همگرایی در سیاست های پولی از پتانسیل کشورهای الحاق EMU : یک تجزیه و تحلیل هم انباشتگی با رژیم های متغییر
|کد مقاله||سال انتشار||مقاله انگلیسی||ترجمه فارسی||تعداد کلمات|
|26311||2008||11 صفحه PDF||سفارش دهید||محاسبه نشده|
Publisher : Elsevier - Science Direct (الزویر - ساینس دایرکت)
Journal : Economic Modelling, Volume 25, Issue 2, March 2008, Pages 340–350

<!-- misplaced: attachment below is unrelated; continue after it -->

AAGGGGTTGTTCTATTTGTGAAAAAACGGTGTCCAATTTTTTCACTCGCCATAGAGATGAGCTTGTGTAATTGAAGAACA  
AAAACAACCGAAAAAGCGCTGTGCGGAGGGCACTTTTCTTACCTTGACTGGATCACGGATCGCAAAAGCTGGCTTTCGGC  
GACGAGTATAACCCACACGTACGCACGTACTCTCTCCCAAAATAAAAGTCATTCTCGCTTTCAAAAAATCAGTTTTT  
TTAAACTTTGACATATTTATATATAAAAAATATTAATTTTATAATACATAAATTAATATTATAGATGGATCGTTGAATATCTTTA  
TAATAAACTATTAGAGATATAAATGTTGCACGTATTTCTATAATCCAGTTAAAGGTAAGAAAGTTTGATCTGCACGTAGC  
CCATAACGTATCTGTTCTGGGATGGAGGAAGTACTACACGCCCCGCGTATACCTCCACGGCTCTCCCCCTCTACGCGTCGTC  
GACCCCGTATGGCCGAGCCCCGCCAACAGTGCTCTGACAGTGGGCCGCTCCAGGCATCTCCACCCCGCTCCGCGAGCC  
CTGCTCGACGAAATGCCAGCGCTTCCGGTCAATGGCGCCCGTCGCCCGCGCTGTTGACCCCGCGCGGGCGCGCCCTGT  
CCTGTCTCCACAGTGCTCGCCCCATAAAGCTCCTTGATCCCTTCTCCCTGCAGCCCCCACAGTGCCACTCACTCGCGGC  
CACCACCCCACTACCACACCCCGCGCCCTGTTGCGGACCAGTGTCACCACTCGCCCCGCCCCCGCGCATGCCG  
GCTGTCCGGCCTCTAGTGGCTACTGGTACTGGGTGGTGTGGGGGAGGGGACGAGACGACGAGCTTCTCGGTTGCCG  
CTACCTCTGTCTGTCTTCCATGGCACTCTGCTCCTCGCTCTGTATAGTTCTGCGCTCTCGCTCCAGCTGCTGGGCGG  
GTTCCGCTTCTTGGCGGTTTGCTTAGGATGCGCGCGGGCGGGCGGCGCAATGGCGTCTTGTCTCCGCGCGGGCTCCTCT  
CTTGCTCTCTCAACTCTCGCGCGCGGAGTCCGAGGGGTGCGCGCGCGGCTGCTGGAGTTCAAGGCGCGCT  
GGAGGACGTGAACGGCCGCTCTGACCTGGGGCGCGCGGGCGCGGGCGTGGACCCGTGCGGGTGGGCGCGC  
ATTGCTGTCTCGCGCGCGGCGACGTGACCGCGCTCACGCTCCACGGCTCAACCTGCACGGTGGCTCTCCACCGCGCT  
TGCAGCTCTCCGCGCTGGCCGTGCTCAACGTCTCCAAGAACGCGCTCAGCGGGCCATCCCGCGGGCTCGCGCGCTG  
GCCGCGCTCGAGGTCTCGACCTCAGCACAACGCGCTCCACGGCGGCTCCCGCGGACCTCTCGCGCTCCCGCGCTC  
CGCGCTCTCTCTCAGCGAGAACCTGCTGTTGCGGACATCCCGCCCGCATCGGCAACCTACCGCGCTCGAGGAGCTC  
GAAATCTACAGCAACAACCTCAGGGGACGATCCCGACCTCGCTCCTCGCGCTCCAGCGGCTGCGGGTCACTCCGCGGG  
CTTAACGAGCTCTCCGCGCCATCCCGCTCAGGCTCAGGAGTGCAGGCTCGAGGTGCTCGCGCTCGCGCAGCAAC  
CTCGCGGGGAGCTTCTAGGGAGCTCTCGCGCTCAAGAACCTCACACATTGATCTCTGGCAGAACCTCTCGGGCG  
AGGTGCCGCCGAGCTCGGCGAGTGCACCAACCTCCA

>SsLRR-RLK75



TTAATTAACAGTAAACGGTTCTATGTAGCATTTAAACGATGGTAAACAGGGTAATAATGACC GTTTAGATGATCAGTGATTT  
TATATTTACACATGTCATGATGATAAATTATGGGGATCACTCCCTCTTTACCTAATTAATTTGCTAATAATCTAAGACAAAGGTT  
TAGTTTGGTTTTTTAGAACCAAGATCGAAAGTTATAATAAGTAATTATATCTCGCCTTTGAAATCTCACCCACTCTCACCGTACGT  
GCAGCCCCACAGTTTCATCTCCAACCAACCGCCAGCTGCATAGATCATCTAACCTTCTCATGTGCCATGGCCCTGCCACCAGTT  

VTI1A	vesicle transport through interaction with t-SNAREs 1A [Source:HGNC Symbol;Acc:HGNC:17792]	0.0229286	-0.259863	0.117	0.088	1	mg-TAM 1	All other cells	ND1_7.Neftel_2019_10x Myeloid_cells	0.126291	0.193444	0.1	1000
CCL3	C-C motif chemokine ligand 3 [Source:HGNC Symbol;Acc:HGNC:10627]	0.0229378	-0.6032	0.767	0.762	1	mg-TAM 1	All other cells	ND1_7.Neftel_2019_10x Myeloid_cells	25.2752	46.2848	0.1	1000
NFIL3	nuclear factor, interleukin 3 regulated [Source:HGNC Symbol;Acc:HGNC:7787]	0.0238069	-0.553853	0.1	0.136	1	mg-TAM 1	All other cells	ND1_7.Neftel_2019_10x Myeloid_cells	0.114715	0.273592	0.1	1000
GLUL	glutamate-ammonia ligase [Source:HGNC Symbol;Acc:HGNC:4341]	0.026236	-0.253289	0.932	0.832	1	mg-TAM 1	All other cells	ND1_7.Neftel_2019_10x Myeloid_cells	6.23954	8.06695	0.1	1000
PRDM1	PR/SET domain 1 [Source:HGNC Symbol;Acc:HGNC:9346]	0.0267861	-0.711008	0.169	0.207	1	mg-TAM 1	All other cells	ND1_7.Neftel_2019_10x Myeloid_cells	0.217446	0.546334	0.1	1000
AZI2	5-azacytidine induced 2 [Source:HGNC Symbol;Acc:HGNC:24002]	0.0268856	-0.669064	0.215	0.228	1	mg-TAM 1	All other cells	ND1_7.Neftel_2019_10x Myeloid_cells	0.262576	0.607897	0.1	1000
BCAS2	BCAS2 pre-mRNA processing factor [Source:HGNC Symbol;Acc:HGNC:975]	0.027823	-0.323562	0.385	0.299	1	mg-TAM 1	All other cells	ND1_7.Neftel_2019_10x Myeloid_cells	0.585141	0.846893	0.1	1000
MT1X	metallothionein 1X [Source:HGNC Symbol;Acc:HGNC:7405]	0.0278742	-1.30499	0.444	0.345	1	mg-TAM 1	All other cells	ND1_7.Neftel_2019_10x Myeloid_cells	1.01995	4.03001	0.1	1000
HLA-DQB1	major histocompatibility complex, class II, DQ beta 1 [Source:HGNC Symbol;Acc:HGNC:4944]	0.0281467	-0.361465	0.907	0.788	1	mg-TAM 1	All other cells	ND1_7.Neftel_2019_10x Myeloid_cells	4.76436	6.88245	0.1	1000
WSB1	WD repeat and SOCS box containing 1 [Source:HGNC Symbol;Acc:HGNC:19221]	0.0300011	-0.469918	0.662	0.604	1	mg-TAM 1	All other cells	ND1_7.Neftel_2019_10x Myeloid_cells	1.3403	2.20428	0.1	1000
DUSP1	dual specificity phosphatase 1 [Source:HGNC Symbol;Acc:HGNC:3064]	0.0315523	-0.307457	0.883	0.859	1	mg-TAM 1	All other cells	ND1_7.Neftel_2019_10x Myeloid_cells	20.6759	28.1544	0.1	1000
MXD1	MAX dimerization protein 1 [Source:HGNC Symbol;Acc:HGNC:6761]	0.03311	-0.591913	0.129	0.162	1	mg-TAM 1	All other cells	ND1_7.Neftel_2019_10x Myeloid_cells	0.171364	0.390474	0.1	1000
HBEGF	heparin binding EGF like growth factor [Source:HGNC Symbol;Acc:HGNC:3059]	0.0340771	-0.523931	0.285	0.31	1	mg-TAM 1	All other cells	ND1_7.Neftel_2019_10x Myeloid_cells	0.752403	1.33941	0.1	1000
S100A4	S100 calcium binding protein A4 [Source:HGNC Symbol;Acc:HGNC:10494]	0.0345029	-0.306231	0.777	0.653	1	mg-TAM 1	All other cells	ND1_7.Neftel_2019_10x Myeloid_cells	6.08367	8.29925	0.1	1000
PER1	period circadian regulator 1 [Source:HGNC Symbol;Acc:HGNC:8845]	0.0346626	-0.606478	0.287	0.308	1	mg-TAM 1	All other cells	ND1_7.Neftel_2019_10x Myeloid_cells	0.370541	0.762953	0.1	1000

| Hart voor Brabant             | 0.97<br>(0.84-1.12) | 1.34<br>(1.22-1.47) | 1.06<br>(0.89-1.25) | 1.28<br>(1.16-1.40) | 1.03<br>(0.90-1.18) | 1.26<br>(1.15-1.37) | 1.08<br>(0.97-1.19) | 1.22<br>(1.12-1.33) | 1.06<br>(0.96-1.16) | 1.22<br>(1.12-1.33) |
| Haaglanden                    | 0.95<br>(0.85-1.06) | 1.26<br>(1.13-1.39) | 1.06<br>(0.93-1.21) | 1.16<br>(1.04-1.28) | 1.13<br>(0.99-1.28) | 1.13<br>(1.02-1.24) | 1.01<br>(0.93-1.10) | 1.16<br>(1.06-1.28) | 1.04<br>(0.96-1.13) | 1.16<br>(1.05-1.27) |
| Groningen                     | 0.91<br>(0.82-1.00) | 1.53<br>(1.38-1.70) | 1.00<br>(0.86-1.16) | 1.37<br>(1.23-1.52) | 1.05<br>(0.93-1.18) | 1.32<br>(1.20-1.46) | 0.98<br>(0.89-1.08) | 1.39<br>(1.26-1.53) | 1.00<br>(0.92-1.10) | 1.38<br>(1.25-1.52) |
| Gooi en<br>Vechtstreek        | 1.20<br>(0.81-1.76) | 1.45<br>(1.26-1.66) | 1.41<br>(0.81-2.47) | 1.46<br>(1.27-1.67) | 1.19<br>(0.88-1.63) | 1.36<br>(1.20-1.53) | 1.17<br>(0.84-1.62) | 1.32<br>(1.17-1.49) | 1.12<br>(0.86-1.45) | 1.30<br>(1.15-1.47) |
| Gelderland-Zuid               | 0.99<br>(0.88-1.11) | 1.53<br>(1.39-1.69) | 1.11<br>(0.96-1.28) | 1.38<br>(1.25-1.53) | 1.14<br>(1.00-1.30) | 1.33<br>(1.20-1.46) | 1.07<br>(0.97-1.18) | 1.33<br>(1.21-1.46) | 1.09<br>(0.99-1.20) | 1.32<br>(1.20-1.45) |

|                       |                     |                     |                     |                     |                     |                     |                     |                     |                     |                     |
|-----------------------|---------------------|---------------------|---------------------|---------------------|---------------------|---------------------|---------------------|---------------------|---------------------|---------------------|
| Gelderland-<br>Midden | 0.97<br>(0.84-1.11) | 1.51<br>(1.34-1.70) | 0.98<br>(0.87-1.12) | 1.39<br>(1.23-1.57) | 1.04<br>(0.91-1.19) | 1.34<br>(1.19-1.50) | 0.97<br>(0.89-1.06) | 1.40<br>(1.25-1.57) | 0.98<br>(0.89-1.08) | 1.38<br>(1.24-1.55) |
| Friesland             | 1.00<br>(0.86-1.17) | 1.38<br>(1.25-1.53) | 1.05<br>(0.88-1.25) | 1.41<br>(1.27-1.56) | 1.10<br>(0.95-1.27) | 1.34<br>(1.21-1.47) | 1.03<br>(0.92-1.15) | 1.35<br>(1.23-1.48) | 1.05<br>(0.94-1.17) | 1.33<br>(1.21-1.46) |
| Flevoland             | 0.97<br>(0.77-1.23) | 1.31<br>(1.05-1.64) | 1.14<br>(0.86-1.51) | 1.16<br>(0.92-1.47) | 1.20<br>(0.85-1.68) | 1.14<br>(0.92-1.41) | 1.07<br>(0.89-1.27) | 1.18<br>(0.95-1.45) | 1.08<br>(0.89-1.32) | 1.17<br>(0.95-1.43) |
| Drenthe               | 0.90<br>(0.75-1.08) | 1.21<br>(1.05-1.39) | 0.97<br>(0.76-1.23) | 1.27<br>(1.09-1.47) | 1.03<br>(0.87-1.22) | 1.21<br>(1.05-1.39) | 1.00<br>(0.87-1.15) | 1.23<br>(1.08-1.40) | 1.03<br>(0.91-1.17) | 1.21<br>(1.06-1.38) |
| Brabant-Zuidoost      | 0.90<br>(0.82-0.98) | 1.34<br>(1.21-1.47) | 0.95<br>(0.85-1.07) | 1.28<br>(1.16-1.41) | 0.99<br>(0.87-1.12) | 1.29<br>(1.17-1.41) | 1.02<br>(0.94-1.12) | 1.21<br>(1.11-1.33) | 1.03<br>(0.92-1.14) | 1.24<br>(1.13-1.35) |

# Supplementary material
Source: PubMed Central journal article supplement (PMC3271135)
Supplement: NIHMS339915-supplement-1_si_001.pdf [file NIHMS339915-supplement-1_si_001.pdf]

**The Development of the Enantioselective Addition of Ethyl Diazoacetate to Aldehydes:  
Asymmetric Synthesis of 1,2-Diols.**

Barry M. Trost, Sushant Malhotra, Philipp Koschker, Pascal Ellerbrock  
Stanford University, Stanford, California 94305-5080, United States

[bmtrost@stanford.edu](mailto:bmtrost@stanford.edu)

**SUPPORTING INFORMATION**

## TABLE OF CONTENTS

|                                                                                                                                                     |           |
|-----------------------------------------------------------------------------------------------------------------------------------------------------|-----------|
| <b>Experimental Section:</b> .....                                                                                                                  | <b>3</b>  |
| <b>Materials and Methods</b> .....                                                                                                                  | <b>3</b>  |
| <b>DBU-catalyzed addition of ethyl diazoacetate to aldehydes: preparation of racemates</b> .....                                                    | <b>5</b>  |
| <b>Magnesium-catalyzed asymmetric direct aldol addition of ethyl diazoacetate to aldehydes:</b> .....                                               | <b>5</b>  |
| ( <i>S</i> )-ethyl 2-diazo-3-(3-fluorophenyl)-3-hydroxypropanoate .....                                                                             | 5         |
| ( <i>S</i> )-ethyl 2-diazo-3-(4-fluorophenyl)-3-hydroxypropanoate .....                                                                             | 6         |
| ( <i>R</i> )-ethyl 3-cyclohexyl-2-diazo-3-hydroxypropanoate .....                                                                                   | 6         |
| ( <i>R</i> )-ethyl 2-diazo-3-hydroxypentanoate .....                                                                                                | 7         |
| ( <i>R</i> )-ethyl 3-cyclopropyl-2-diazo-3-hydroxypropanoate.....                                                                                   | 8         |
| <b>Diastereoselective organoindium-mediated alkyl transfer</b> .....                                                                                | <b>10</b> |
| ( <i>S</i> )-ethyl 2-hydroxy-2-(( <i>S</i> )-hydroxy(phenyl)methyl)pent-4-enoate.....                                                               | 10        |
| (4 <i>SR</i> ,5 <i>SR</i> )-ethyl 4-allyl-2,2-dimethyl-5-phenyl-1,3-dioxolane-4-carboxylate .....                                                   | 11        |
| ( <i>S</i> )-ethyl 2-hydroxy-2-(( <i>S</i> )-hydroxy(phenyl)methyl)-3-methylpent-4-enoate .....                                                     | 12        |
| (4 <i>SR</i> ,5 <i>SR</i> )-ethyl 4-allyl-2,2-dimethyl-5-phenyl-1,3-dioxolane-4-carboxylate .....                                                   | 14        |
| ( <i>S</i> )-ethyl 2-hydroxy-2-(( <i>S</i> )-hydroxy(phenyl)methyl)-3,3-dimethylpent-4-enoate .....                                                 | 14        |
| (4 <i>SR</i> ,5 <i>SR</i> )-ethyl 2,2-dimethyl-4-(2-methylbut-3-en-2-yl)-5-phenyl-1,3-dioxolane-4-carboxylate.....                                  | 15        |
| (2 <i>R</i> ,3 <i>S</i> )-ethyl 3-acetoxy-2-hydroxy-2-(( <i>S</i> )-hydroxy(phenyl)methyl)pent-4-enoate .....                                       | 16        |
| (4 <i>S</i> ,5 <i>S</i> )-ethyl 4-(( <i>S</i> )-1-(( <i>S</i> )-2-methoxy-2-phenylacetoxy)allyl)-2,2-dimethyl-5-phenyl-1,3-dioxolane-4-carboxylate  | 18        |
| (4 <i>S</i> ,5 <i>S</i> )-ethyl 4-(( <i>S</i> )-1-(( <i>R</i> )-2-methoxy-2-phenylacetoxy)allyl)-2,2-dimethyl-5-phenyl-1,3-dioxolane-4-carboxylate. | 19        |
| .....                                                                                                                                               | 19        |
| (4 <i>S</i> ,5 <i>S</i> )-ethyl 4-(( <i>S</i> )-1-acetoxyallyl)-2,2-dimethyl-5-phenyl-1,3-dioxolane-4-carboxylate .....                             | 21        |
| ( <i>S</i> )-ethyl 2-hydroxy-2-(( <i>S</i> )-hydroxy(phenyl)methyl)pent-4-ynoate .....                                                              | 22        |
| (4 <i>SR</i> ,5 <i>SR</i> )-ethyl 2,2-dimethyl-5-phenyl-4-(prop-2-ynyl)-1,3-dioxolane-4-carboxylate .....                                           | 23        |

This paper investigates monetary policy convergence between the reference country (Germany) and the new Central and Eastern European EU member countries as well as Malta and Cyprus during the process of joining the European Monetary Union (EMU) and the four candidate countries, Bulgaria, Romania, Croatia and Turkey. Monetary policy convergence is examined through testing the uncovered interest parity (UIP) hypothesis. The long-run relationship between interest rates, a necessary condition for testing the UIP hypothesis, is examined using a cointegration test that considers the presence of structural breaks. The empirical findings of this paper provide significant evidence to support that German interest rates and interest rates in six sample countries, Croatia, Estonia, Hungary, Romania, Slovak Republic, and Turkey are stochastically converging. The UIP hypothesis, however, is not rejected only for Estonia, Croatia, and Turkey.